- The Daniell cell was invented in 1836 by a British chemist name John Frederic Daniell.
- It was invented to eliminate the hydrogen bubble problem found in the simple voltaic cell.
- The Daniell cell consist of a zinc electrode and a copper electrode.
- The zinc electrode is immersed in zinc sulphate solution (or sulphuric acid) whereas the copper electrode is immersed in copper(II) sulphate solution.
- Figure below shows the illustration of the Daniell cell.
- Since zinc is more electropositive than copper, hence it acts as the anode and be come the negative therminal of the cell. Copper is the cathode and the positive therminal of the cell.
At Anode (Zinc Electrode)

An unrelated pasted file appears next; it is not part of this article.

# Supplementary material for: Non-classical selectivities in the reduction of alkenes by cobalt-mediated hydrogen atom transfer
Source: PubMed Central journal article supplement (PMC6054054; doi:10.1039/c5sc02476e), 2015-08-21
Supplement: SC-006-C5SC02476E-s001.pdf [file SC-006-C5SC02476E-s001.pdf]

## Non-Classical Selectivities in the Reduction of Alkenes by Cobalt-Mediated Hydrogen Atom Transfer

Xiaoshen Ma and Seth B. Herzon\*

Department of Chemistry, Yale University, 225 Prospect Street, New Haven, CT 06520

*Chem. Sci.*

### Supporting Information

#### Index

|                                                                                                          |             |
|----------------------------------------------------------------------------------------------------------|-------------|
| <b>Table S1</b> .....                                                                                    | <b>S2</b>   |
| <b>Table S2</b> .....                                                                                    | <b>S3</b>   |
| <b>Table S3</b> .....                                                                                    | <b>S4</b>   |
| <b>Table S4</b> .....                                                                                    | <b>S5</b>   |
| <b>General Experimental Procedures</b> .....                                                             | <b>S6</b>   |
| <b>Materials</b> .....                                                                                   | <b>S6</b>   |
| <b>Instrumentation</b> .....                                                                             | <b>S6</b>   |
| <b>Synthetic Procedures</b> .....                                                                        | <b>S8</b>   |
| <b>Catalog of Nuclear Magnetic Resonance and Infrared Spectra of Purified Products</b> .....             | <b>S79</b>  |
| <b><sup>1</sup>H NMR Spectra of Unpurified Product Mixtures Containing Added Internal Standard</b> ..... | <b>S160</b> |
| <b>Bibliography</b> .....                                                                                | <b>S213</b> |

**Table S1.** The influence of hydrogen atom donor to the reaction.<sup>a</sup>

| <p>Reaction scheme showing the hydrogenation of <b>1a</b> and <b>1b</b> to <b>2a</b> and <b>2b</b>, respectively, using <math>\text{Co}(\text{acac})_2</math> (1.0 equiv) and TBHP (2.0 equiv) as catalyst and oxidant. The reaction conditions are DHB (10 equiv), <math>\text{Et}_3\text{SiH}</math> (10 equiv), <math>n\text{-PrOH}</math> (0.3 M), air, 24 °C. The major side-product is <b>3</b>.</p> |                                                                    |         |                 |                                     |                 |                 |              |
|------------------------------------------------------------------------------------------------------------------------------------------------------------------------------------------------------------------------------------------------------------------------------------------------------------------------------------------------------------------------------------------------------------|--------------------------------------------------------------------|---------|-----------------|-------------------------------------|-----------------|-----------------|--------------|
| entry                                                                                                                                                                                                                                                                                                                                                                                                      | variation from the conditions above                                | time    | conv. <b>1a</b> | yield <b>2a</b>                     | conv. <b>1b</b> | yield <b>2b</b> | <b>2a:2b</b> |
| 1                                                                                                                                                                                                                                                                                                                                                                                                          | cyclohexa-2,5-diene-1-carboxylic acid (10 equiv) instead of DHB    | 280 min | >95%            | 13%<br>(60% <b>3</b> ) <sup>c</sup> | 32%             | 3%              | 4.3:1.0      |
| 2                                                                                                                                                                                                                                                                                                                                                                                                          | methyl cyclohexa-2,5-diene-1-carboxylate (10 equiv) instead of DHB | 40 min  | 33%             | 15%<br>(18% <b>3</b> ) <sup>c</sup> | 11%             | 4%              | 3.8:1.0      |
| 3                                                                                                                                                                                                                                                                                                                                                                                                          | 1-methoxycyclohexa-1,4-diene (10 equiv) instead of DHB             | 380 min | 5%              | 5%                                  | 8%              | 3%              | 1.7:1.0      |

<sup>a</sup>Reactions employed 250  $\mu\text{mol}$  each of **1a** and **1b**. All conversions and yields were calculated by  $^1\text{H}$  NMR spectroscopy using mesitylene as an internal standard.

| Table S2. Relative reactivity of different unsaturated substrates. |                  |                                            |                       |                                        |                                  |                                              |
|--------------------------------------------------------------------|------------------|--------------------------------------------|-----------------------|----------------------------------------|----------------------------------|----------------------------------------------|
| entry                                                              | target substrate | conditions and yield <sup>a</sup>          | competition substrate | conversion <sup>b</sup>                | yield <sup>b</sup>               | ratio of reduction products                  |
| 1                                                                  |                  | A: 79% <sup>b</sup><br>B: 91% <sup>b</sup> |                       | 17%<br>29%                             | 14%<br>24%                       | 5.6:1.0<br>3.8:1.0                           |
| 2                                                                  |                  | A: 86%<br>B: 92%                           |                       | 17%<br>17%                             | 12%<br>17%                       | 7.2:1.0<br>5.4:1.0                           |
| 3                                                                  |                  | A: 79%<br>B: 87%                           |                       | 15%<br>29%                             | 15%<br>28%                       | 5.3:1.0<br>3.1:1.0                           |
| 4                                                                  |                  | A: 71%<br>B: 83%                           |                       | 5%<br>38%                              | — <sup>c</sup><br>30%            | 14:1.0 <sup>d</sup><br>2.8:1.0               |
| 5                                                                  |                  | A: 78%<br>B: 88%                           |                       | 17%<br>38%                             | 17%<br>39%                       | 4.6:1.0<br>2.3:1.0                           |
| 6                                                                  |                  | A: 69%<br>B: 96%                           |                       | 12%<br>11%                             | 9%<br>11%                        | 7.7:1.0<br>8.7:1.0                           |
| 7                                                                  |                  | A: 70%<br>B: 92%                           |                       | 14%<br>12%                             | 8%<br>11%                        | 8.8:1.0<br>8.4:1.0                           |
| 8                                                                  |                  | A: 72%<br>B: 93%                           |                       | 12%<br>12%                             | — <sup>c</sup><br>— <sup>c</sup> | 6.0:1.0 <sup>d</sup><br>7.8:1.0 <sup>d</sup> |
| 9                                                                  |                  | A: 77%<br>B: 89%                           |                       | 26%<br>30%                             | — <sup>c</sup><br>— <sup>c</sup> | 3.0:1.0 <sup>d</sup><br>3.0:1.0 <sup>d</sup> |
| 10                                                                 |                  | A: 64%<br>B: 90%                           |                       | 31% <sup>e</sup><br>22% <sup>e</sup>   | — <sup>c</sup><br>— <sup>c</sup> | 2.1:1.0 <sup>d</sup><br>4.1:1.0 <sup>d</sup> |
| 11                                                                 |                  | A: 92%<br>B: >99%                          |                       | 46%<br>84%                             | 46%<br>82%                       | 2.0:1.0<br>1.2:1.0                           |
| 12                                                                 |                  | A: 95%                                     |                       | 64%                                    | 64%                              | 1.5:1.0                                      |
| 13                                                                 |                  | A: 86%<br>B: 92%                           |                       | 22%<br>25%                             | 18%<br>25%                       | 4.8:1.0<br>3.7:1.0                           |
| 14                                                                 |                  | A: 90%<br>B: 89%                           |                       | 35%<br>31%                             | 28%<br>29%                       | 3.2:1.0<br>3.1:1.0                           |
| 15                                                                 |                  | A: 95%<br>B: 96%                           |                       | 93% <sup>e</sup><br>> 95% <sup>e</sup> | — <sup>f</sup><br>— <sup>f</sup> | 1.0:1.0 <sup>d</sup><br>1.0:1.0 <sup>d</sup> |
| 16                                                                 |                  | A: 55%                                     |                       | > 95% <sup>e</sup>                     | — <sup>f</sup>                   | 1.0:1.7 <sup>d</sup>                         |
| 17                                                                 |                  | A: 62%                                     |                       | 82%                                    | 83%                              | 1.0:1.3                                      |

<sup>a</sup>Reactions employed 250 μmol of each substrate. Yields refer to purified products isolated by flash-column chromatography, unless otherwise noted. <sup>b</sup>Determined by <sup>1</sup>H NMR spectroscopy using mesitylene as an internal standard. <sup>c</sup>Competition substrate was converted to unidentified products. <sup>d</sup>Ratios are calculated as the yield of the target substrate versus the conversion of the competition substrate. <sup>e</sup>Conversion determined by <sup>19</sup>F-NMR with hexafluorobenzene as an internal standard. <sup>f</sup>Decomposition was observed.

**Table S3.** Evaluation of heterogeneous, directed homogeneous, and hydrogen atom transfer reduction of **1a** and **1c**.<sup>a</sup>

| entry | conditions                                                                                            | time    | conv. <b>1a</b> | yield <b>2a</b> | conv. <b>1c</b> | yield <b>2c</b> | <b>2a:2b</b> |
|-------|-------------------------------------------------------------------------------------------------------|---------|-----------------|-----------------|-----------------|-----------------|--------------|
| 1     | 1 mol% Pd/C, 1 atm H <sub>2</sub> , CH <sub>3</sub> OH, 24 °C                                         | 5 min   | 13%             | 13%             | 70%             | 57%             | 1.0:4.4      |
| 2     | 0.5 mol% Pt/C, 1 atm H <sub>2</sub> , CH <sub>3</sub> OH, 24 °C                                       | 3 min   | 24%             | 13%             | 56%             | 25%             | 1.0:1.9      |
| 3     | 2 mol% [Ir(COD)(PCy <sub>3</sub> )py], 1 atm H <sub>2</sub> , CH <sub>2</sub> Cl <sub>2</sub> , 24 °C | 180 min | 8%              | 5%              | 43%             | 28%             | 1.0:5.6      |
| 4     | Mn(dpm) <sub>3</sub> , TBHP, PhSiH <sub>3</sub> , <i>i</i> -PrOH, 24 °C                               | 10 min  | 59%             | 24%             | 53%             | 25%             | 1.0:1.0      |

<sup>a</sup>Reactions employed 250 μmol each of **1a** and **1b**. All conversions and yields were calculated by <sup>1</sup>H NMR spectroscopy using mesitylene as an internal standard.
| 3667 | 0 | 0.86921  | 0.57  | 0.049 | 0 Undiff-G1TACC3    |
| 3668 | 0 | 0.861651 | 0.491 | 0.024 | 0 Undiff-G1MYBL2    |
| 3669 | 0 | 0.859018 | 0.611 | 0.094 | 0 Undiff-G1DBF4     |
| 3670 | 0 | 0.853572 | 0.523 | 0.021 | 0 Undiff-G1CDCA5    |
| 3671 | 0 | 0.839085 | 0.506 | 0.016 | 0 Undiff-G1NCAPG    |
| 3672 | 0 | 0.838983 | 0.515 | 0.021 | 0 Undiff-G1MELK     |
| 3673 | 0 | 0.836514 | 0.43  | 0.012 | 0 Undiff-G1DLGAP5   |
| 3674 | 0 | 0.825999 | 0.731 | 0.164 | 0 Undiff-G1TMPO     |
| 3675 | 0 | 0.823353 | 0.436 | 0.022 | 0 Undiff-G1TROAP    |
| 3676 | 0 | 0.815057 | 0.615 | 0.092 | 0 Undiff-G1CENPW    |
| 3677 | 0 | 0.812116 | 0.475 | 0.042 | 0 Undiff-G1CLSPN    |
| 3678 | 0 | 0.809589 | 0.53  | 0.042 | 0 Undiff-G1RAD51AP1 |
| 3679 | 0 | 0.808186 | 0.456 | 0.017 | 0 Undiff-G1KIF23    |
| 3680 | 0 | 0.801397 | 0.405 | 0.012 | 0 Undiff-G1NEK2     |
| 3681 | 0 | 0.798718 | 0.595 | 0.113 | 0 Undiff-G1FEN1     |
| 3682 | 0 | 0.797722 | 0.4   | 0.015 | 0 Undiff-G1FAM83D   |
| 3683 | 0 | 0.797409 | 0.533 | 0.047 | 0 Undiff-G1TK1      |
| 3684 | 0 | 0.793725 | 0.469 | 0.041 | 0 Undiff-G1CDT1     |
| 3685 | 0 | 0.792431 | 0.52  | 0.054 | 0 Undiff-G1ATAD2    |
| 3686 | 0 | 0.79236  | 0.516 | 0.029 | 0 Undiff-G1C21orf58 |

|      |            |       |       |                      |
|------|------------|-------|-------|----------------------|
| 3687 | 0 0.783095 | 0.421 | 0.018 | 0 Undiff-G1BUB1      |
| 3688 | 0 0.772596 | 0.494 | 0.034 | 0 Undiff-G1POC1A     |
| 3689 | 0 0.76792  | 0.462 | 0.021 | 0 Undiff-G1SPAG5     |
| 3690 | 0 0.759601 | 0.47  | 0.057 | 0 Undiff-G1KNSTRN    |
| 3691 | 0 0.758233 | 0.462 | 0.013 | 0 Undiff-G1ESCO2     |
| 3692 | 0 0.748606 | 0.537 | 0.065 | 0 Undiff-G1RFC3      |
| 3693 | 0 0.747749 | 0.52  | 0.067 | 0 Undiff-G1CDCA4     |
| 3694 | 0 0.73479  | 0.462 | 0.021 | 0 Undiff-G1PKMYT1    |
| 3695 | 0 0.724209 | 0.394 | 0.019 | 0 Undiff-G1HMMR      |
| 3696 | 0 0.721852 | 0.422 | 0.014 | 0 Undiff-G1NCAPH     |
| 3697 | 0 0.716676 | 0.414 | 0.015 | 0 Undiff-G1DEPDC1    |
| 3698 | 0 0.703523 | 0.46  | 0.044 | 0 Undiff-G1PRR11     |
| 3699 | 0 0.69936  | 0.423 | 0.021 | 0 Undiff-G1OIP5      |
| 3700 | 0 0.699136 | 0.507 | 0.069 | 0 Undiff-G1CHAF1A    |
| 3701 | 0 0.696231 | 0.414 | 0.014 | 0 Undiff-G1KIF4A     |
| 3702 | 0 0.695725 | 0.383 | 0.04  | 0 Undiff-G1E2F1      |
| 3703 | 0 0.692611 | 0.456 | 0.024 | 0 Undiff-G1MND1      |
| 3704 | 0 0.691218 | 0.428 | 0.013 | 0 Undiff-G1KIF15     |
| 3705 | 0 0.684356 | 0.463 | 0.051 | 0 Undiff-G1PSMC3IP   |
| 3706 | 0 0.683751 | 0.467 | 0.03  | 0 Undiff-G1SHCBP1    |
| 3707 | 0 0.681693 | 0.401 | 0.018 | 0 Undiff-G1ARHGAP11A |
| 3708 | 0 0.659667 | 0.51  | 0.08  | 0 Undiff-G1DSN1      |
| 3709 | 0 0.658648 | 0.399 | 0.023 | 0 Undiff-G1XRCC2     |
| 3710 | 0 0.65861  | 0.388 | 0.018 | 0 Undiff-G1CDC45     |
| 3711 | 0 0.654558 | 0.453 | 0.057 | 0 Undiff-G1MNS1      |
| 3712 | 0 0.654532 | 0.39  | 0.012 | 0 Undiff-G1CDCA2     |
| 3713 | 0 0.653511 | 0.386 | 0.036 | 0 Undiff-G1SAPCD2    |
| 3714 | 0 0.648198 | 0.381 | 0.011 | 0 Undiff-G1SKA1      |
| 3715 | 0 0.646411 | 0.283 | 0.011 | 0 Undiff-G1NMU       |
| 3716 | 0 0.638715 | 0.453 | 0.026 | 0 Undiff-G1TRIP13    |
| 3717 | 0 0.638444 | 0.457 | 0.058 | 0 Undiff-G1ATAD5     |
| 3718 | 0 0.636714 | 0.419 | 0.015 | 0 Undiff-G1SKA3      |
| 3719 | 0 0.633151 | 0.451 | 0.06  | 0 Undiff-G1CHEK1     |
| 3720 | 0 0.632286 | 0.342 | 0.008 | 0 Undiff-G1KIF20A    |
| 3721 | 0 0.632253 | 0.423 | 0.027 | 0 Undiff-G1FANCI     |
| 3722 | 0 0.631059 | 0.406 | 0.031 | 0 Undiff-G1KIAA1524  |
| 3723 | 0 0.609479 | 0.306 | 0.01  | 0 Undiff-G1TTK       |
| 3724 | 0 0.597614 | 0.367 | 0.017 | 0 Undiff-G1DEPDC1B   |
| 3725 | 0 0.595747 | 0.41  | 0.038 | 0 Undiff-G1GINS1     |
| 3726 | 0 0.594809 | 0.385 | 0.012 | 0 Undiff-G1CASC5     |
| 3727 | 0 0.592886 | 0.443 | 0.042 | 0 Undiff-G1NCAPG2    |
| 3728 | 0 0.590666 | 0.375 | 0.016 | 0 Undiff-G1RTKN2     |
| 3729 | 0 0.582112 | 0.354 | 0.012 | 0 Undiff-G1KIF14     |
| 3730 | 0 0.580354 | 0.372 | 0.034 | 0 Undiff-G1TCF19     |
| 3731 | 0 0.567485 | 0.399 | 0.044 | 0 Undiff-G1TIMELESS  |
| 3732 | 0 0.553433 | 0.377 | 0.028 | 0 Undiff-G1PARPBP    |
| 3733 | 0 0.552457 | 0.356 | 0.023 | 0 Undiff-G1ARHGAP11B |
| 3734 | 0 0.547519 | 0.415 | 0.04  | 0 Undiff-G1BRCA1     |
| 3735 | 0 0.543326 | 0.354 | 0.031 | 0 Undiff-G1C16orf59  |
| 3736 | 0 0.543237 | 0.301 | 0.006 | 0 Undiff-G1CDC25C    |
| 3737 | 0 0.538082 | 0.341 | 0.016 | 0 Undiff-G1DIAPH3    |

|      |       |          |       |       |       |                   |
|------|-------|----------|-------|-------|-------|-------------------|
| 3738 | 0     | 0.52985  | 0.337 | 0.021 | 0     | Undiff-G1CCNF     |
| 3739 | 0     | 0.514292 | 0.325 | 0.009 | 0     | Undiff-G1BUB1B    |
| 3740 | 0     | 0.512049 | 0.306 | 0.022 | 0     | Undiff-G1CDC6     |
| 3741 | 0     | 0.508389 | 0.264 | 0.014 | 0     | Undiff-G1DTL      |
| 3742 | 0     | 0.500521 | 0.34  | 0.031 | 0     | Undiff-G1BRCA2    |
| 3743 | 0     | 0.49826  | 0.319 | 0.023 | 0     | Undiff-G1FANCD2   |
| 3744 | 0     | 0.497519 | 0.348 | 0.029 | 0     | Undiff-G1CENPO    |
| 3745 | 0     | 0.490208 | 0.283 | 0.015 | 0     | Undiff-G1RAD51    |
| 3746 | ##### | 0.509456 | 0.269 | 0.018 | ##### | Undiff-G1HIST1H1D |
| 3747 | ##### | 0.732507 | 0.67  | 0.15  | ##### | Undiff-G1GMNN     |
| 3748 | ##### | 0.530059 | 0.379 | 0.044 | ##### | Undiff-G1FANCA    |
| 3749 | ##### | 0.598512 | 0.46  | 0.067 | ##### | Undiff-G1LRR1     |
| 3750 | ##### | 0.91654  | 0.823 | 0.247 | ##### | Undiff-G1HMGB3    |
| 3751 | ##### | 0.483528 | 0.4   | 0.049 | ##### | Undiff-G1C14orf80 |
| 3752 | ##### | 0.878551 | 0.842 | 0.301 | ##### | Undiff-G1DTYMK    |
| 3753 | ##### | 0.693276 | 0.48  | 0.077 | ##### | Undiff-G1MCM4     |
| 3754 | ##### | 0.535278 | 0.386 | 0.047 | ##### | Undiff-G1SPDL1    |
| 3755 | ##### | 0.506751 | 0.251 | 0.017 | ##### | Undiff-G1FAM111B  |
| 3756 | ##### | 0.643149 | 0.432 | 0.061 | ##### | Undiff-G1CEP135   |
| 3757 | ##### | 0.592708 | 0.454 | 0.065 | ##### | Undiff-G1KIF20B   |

The zinc atoms release 2 electrons and become zinc ions
The zinc electrode erodes (become thinner).
At Cathode (Copper Electrode)<
The copper(II) ions in the electrolyte are discharged and become zinc atom
The copper electrode become thicker.
- The pointer of the galvanometer deflect.
- The intensity of the blue colour of copper(II) sulphate solution decreases because the concentration of the copper(II) ions deceases.
Function of the Porous Pot:
The function of the porous pot are
- to allow the flow of ions to complete the circuit
- to separate the two electrolytes and hence prevent them from react with each other.
Weaknesses of Daniel Cell
- The electrolyte can easily spill out.
- Difficult to be carried around.
- The voltage produced decreases rapidly owing to the polarity of the cell.